Volume 14 Supplement 5
Simple re-instantiation of small databases using cloud computing
© Tan et al.; licensee BioMed Central Ltd. 2013
Published: 16 October 2013
Small bioinformatics databases, unlike institutionally funded large databases, are vulnerable to discontinuation and many reported in publications are no longer accessible. This leads to irreproducible scientific work and redundant effort, impeding the pace of scientific progress.
We describe a Web-accessible system, available online at http://biodb100.apbionet.org, for archival and future on demand re-instantiation of small databases within minutes. Depositors can rebuild their databases by downloading a Linux live operating system (http://www.bioslax.com), preinstalled with bioinformatics and UNIX tools. The database and its dependencies can be compressed into an ".lzm" file for deposition. End-users can search for archived databases and activate them on dynamically re-instantiated BioSlax instances, run as virtual machines over the two popular full virtualization standard cloud-computing platforms, Xen Hypervisor or vSphere. The system is adaptable to increasing demand for disk storage or computational load and allows database developers to use the re-instantiated databases for integration and development of new databases.
Herein, we demonstrate that a relatively inexpensive solution can be implemented for archival of bioinformatics databases and their rapid re-instantiation should the live databases disappear.
KeywordsDatabase archival Re-instantiation Cloud computing BioSLAX biodb100 MIABi
Other than the big well-funded institutionalized databases, few bioinformatics databases have longevity beyond several years. Small databases are particularly vulnerable. Valuable data and metadata become irretrievably lost leading to irreproducible scientific work and redundant effort [1–3]. This is unnecessary in view of the vast amount of affordable disk space and highly accessible cloud computing power in the market.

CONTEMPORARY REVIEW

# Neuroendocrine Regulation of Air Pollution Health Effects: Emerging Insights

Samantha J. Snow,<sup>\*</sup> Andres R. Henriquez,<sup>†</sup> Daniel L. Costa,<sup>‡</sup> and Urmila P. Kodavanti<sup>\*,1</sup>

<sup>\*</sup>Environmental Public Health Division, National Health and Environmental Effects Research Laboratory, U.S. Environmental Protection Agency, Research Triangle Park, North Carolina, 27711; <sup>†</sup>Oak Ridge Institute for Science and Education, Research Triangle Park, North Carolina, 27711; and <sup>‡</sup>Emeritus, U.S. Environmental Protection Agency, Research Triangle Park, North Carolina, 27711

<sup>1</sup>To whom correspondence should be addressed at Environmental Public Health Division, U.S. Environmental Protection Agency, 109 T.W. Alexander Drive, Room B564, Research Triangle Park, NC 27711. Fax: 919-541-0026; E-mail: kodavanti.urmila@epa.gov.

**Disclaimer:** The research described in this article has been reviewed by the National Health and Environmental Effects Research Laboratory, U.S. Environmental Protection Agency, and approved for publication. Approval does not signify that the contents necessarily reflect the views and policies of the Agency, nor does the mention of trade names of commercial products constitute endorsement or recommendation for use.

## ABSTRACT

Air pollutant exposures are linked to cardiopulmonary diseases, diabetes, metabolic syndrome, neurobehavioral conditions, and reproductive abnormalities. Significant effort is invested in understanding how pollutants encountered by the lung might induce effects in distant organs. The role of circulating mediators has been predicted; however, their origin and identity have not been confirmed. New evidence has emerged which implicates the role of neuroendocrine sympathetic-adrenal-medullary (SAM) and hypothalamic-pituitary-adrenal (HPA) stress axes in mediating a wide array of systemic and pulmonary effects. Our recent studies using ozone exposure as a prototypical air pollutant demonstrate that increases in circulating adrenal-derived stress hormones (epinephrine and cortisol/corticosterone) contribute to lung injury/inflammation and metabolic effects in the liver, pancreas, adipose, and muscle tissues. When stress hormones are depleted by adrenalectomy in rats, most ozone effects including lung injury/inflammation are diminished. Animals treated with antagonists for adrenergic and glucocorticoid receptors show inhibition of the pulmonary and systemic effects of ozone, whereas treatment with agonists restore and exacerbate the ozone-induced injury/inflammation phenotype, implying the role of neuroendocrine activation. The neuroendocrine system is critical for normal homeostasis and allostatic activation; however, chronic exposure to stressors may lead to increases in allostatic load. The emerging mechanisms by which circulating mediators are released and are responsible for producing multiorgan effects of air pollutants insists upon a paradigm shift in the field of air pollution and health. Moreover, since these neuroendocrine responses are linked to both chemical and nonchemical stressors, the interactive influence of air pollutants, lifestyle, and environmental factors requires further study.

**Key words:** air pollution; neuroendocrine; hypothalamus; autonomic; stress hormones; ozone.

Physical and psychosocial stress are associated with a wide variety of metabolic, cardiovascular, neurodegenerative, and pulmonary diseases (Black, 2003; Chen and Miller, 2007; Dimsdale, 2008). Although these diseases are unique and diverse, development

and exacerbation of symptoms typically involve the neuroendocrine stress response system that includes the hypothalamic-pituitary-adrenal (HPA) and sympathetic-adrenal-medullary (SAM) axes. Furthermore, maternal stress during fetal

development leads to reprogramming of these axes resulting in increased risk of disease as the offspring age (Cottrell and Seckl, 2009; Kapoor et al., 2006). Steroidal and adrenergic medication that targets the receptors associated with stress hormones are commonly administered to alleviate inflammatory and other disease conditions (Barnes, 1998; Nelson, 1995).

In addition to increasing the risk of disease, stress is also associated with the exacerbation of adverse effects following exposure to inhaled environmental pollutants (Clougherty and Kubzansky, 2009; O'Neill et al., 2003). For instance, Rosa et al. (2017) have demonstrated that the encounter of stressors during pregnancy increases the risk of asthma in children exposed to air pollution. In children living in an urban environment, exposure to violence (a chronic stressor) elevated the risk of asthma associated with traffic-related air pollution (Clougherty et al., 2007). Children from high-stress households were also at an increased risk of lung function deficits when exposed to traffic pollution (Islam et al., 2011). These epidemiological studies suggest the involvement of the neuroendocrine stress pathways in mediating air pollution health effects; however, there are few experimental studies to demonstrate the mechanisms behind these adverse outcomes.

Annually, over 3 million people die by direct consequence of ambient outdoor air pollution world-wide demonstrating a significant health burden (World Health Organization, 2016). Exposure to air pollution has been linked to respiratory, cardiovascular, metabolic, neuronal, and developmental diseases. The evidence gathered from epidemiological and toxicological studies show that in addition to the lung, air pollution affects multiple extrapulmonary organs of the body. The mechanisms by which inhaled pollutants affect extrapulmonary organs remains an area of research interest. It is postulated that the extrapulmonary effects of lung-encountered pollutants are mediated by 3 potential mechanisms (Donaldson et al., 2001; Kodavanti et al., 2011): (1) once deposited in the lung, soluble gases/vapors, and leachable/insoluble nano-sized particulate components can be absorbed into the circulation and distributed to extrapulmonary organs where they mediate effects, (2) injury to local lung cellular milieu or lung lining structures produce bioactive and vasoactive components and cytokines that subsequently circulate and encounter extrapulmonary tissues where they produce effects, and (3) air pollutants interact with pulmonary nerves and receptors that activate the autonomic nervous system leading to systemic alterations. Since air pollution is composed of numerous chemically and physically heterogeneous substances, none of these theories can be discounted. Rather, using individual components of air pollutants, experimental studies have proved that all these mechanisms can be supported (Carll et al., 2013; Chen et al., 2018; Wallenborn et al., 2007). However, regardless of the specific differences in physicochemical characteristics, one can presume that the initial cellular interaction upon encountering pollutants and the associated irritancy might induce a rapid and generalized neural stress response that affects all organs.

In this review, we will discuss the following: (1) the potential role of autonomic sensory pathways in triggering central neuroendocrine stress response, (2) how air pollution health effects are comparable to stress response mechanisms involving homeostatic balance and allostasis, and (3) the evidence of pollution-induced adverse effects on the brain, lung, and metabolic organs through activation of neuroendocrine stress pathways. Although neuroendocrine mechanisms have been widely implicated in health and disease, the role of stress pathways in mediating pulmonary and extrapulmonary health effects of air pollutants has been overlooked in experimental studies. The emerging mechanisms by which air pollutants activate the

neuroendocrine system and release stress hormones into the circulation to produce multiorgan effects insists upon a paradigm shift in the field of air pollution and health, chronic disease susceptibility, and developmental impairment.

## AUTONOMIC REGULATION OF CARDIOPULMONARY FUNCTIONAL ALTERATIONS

Recently, in 2009, the Asia Pacific Bioinformatics Network (APBioNet), Asia's oldest bioinformatics network and pioneer of the annual International Conference on Bioinformatics (InCoB) now in its twelfth year, initiated the effort for Minimum Information about a Bioinformatics Investigation (MIABi), building on earlier ideas . The standards for transparency, provenance and scientific reproducibility amongst the bioinformatics and computational biology community were drafted and published a year later . The MIABi standards were harmonised with the BioDBcore standards of the International Society for Biocuration (ISB) and BioSharing for use of standardized terminologies for infrastructural and informational interoperability .
In accordance to the MIABi standards, "when databases are described in a publication, a copy should be frozen, version-labelled and dated for reference", herein, we detail a simple methodology for archival and re-instantiation of small databases. Further, we provide a Web interface to demonstrate this functionality, with several exemplar databases to illustrate the utility of the system.
(i) BioSlax. The BioSlax 7.5 (http://www.bioslax.com) live operating system has been developed on a Slackware Linux base distribution called Slax (http://www.slax.org), to which we have added additional modules, including more than 200 bioinformatics software applications. BioSlax is freely downloadable and depositors of databases can choose to use it to develop their databases, or develop on another platform that can be ported to BioSlax. Upon boot-up, BioSlax un-packs, loads and activates all modules, including MySQL, Apache and Webmin servers. Other services can also be loaded and activated by adding additional BioSlax modules. Further, other operating systems will be explored in the future.
(ii) Building databases as BioSlax LZM modules. The BioSlax command "dir2lzm" is used to convert database specific files, other dependencies and other application services into LZM compressed file as BioSlax modules. Alternatively, database depositors can port pre-existing databases built on other platforms onto BioSlax, and save the difference as an LZM Slax module file that includes everything changed from the base LiveOS. The Slax "activate" command is used to unpack and uncompress all files and folders from the LZM file, and restart all relevant processes.